Below are suggestions for a variety of ways to incorporate prebiotics into your diet. When you put a meal together, aim to include both a food prebiotic-rich food and food containing probiotics.
And keep in mind diversity. The greater the number of species, the better the health of the host. So, eat a variety of foods rich in both prebiotics and probiotics.
Now for a variety of ways to add prebiotics to your diet: Fermented, Raw Snacks and Powdered.
Feed Your Microbial Friends Pickled or Fermented Foods: Probiotics + Prebiotics = SuperFood
Fermented foods, such as sauerkraut, Kimchi, and fermented vegetables are not only natural probiotics but when made with foods rich in prebiotics become Microbiome SuperFoods. Here are a few to get you started.
1. Include Sauerkraut with Your Meals
Prebiotic-rich onions and garlic are common ingredients in sauerkraut for a reason. Not only do they kick start the fermentation process, but they provide food for the bacteria that are working to preserve your sauerkraut. This recipe of mine includes carrots for sweetness – great for first-time sauerkraut makers – and, garlic, a prebiotic.
2. Add a Crunchy Condiment: Fermented Asparagus
We know Spring has arrived when local asparagus is plentiful at the farmer’s markets. Try your hand at this simple ferment.
This recipe by Lorraine of Evermine Occasions makes use of my current favorite fermentation book, Fermented Vegetables by Kirsten Shockey & Christopher Shockey, which calls for 2 tablespoons of brine from a batch of sauerkraut to provide a bit of liquid and jumpstart the fermentation process.
3. Flavor Dishes with Fermented Garlic Paste
I highly recommend adding relishes and pastes to your fermentation repertoire – yes, there’s more to life than sauerkraut – for they make meal preparation so much easier. This is a great one to start with. Sauteing greens? Stir in some fermented garlic paste. Easy Peasy.
This recipe is by Lorraine who blogs at SweetAllium.
“What’s more, fermentation is designed to capitalize on the bounty of the harvest. So what better way to make use of an abundant garlic season than to ferment a big batch, and jar it up so you can share the harvest.”
4. Pasta with Dandelion Pumpkin Seed Pesto
“People can be protective about their pesto recipes and approaches. A little extra garlic or the special way they grind down the pesto? It’s the magic touch. This is largely because pesto is so adaptable: you can create a signature pesto of your own using different nuts, greens, cheeses, and spices. When I found myself with a nice bunch of dandelion greens, I thought I’d try and make a pesto with them.”
5. Try Some Thyme for Leeks Sauerkraut or Relish
All right, this is a promo for my book. There are recipes for prebiotic-rich Thyme for Leeks Sauerkraut and Thyme for Leeks Relish, in my eBook: Fermentation Made Easy! Mothwatering Sauerkraut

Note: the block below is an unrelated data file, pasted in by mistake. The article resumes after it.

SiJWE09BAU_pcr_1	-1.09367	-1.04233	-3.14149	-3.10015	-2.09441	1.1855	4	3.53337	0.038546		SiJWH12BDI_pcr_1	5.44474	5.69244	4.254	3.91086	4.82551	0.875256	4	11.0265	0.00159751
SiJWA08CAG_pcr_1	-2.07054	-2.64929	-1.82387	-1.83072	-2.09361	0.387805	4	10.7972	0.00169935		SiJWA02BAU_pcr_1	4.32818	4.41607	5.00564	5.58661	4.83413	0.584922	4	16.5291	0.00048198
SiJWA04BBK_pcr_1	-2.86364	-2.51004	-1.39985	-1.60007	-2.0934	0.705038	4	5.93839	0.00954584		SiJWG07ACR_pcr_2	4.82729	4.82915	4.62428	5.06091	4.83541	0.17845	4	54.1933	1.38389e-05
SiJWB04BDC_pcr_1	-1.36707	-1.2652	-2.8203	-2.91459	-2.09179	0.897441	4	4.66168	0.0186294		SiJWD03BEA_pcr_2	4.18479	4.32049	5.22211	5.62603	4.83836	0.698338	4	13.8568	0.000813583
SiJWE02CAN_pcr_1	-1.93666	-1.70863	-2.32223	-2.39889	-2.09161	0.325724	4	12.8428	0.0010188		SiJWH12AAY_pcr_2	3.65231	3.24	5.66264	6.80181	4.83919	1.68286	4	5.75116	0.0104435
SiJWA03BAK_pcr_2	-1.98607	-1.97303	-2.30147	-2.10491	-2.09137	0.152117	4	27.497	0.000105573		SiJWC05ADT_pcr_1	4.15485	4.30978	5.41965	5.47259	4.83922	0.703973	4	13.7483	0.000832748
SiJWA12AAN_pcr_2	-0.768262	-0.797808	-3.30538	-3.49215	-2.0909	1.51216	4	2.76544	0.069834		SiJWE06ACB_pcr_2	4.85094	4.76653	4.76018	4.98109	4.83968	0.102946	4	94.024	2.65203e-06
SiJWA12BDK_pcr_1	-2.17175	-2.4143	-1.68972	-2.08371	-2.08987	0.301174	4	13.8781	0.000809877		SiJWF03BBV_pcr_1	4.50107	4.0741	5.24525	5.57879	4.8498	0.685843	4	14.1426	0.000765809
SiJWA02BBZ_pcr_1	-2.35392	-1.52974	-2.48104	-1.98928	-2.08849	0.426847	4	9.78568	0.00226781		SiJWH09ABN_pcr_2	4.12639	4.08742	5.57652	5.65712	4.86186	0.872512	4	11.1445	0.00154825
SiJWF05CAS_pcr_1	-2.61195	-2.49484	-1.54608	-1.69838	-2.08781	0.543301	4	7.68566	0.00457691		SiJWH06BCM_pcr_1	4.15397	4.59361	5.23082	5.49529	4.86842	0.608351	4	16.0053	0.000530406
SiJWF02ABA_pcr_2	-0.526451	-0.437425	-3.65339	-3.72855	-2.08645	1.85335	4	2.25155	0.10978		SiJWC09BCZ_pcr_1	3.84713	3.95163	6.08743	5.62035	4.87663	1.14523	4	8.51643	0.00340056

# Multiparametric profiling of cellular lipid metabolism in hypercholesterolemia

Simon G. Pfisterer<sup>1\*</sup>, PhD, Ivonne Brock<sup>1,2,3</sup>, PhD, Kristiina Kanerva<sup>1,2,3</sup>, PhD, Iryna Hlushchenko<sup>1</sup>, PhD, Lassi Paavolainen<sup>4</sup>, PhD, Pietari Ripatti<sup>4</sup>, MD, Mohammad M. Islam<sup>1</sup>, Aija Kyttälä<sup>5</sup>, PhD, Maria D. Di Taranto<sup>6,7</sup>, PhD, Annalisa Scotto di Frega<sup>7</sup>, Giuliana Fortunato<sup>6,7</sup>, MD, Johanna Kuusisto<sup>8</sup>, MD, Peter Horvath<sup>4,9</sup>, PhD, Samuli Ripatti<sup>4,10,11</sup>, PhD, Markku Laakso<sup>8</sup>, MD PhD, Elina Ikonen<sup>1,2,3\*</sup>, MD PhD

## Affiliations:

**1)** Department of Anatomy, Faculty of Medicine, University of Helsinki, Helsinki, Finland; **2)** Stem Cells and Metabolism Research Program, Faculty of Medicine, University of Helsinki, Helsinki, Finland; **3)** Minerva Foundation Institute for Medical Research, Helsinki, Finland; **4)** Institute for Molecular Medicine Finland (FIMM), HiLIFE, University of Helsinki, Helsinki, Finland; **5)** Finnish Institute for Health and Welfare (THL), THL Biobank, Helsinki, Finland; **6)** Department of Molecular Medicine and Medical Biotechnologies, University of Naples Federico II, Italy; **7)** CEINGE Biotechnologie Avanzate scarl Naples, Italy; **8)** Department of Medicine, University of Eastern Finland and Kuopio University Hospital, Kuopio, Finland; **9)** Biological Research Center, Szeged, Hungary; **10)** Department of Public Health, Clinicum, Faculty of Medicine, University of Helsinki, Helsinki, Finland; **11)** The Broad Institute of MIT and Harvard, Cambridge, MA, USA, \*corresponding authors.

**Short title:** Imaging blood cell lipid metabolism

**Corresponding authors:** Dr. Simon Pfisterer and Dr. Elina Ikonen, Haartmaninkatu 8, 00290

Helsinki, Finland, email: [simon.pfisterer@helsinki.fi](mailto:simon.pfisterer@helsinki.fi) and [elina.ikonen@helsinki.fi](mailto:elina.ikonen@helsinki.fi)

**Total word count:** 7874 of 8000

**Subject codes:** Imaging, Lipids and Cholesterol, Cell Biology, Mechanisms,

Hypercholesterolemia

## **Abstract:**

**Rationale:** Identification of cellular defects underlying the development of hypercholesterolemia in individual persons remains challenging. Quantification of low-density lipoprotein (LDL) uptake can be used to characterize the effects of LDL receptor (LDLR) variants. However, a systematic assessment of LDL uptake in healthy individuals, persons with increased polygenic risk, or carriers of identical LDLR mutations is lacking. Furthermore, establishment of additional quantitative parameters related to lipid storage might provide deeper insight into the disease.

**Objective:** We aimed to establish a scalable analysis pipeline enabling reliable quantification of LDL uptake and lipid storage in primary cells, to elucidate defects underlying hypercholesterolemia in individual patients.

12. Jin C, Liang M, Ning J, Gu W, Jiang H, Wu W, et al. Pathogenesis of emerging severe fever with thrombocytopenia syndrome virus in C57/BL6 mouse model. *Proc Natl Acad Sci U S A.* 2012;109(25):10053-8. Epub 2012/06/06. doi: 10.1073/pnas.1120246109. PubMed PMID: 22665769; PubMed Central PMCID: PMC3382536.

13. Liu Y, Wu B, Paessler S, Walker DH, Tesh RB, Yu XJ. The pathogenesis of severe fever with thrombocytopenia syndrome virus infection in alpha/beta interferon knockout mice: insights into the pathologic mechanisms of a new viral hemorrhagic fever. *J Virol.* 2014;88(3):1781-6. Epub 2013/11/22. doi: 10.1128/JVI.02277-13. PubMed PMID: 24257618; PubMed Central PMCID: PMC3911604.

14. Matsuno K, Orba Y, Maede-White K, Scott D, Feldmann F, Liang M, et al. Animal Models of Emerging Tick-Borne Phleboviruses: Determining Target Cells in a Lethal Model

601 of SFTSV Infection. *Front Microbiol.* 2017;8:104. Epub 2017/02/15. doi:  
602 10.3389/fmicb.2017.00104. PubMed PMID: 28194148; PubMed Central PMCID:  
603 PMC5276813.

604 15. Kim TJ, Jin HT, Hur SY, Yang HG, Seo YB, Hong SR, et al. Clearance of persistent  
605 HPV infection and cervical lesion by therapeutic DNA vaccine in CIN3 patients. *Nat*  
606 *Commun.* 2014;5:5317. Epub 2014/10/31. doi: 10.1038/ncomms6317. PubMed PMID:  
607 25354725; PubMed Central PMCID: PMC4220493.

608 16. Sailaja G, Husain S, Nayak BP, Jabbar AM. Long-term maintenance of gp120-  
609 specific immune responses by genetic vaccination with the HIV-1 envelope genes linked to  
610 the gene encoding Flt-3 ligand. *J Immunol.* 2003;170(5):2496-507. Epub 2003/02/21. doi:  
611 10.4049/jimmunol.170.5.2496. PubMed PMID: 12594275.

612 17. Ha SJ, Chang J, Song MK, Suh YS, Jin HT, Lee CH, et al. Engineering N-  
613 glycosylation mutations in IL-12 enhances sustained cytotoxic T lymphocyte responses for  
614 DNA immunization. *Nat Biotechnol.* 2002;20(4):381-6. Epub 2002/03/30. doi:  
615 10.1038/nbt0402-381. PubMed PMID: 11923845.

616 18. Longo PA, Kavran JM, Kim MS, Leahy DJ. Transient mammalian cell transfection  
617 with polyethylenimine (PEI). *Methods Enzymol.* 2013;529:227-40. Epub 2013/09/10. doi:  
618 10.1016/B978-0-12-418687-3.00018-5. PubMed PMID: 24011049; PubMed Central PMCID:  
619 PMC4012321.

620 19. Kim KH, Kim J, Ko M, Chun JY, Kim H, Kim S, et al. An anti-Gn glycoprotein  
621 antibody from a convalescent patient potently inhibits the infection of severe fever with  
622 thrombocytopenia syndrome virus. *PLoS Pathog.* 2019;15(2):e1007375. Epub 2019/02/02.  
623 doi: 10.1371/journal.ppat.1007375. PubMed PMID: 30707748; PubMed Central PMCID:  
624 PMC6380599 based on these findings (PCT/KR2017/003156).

In fact, 11 of the 17 recipes use a prebiotic.
I love to spread the relish on a ham or turkey sandwich. Delish! The Thyme for Leeks Sauerkraut is great with poultry dishes.
6. Start Your Day With A Breakfast Chutney
The people behind the Perfect Pickler, one of the many jars designed for fermentation, put together this recipe to take advantage of the prebiotics found in jicama.
“Our recipe ingredient this month is jicama, one of my top stars in fresh brine fermenting. It is the tuberous root of a legume plant that has a crunchy, watery texture like a cross between a water chestnut and Asian pear. Its mild flavor is tinged with an ever so slight sweetness, which is courtesy of our favorite prebiotic fiber friend, inulin. It is a prebiotic that we are going to make into a specialty pickle: I call them prebiotic.”
7. Top That Hamburger, Hot Dog, or Taco with Pickled Onions
Danielle at Fermented Food Lab is always coming up with delicious fermented food recipes. I love to add lemon juice along with the brine.
“Recently I joined a CSA (community supported agriculture) where we get a big box of local, organic fruit and vegetables every week. I ended up getting a big bag of red onions and had no idea how my husband and I would eat them all before they went bad. So… of course, I decided to ferment them!! I’ve had pickled onions before and they were very tasty. This uses the lacto-fermentation method which basically means fermenting in a salt brine. It’s super easy, basic, and only requires 3 ingredients.”
Munch on Prebiotic-Rich Raw Vegetables
8. Add Jicama and Jerusalem Artichokes to Your Next Vegetable Platter
Jicama sticks and Jerusalem artichoke can easily be added to a vegetable platter or grated into salads. Make a creamy dip using yogurt or sour cream and you’ve also added probiotics.
9. Toss Some Dandelion Greens on Your Spring Salad
“In this springtime salad, dandelion greens are tossed with a warm roasted garlic dressing, tangy goat cheese, and toasted pine nuts for melt-in-your-mouth results.”